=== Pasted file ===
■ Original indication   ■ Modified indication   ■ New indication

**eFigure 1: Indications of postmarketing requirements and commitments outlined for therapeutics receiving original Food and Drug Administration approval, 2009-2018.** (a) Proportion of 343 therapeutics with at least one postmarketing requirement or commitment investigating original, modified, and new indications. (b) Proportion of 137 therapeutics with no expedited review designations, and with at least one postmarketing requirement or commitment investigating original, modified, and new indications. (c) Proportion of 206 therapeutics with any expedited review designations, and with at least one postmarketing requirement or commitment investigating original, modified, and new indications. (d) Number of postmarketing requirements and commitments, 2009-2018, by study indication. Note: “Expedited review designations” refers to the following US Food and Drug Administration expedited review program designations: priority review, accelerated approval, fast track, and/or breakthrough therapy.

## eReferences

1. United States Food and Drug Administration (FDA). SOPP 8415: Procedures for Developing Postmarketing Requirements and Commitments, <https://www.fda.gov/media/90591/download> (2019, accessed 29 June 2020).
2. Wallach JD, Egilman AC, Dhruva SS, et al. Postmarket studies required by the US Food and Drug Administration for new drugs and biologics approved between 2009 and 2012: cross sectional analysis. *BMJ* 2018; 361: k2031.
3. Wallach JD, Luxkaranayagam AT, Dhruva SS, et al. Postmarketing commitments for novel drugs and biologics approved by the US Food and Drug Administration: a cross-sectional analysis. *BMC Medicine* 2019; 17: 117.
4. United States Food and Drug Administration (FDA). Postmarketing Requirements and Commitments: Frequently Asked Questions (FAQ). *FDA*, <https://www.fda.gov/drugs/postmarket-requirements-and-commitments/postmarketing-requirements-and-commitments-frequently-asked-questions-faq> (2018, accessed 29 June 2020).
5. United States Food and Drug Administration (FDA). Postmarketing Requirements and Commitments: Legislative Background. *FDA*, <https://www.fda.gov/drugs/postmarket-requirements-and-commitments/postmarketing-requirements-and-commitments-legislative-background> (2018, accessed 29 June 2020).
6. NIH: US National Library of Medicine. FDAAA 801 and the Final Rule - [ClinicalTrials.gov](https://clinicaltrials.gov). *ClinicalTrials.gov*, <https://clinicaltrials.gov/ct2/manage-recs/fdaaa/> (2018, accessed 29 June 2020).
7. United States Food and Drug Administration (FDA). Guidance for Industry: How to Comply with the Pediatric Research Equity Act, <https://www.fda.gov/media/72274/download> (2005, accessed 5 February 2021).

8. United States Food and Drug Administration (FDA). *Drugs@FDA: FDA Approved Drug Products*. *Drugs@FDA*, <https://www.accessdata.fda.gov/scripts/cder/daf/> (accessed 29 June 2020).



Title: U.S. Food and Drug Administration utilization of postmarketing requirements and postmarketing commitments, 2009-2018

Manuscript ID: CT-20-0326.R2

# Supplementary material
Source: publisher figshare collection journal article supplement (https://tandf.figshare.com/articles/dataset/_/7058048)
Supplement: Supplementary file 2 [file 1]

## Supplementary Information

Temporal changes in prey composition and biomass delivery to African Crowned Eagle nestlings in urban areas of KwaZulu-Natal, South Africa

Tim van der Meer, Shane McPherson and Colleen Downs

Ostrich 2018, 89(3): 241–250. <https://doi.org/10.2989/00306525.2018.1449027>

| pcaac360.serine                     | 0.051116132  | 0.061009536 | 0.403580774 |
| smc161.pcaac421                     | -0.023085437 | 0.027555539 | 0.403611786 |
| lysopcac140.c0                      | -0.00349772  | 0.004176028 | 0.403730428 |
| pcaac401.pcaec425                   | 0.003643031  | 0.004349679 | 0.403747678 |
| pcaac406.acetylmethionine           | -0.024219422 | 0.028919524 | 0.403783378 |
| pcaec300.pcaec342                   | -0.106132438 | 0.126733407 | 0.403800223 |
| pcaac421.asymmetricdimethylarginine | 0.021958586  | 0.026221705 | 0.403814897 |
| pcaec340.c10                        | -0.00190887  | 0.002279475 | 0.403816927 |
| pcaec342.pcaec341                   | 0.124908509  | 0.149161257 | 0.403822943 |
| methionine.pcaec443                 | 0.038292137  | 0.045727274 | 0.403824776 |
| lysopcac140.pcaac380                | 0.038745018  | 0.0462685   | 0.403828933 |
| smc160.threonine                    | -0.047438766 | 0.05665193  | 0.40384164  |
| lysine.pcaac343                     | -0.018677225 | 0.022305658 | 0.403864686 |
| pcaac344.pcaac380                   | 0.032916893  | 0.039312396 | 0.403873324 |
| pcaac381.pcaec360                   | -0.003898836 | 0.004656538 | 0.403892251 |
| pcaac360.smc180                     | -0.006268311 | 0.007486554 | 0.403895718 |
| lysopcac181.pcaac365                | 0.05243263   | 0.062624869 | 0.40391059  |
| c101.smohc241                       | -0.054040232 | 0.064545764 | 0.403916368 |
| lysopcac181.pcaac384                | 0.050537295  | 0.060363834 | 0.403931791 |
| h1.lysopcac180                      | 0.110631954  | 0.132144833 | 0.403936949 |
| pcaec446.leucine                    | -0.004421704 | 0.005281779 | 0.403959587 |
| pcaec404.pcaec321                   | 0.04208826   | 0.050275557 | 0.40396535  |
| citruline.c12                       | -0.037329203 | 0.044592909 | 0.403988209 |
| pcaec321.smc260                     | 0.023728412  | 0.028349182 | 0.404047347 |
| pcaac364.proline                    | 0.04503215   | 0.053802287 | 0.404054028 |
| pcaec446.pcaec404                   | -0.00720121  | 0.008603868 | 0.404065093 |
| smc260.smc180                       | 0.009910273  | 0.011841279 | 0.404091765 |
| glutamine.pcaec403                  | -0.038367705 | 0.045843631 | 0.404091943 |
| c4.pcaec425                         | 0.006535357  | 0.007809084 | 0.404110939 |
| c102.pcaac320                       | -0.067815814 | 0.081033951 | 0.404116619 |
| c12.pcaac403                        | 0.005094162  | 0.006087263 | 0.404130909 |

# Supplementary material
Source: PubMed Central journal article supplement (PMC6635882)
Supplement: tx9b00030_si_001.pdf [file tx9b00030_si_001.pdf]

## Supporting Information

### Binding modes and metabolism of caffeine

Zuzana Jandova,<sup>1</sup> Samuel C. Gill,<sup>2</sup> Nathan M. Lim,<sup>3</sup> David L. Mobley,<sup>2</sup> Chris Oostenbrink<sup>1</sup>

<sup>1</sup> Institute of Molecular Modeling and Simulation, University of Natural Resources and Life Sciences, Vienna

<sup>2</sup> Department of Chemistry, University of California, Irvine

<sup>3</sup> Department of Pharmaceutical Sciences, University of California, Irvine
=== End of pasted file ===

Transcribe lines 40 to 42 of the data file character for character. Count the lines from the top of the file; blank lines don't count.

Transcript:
| h1.lysopcac180                      | 0.110631954  | 0.132144833 | 0.403936949 |
| pcaec446.leucine                    | -0.004421704 | 0.005281779 | 0.403959587 |
| pcaec404.pcaec321                   | 0.04208826   | 0.050275557 | 0.40396535  |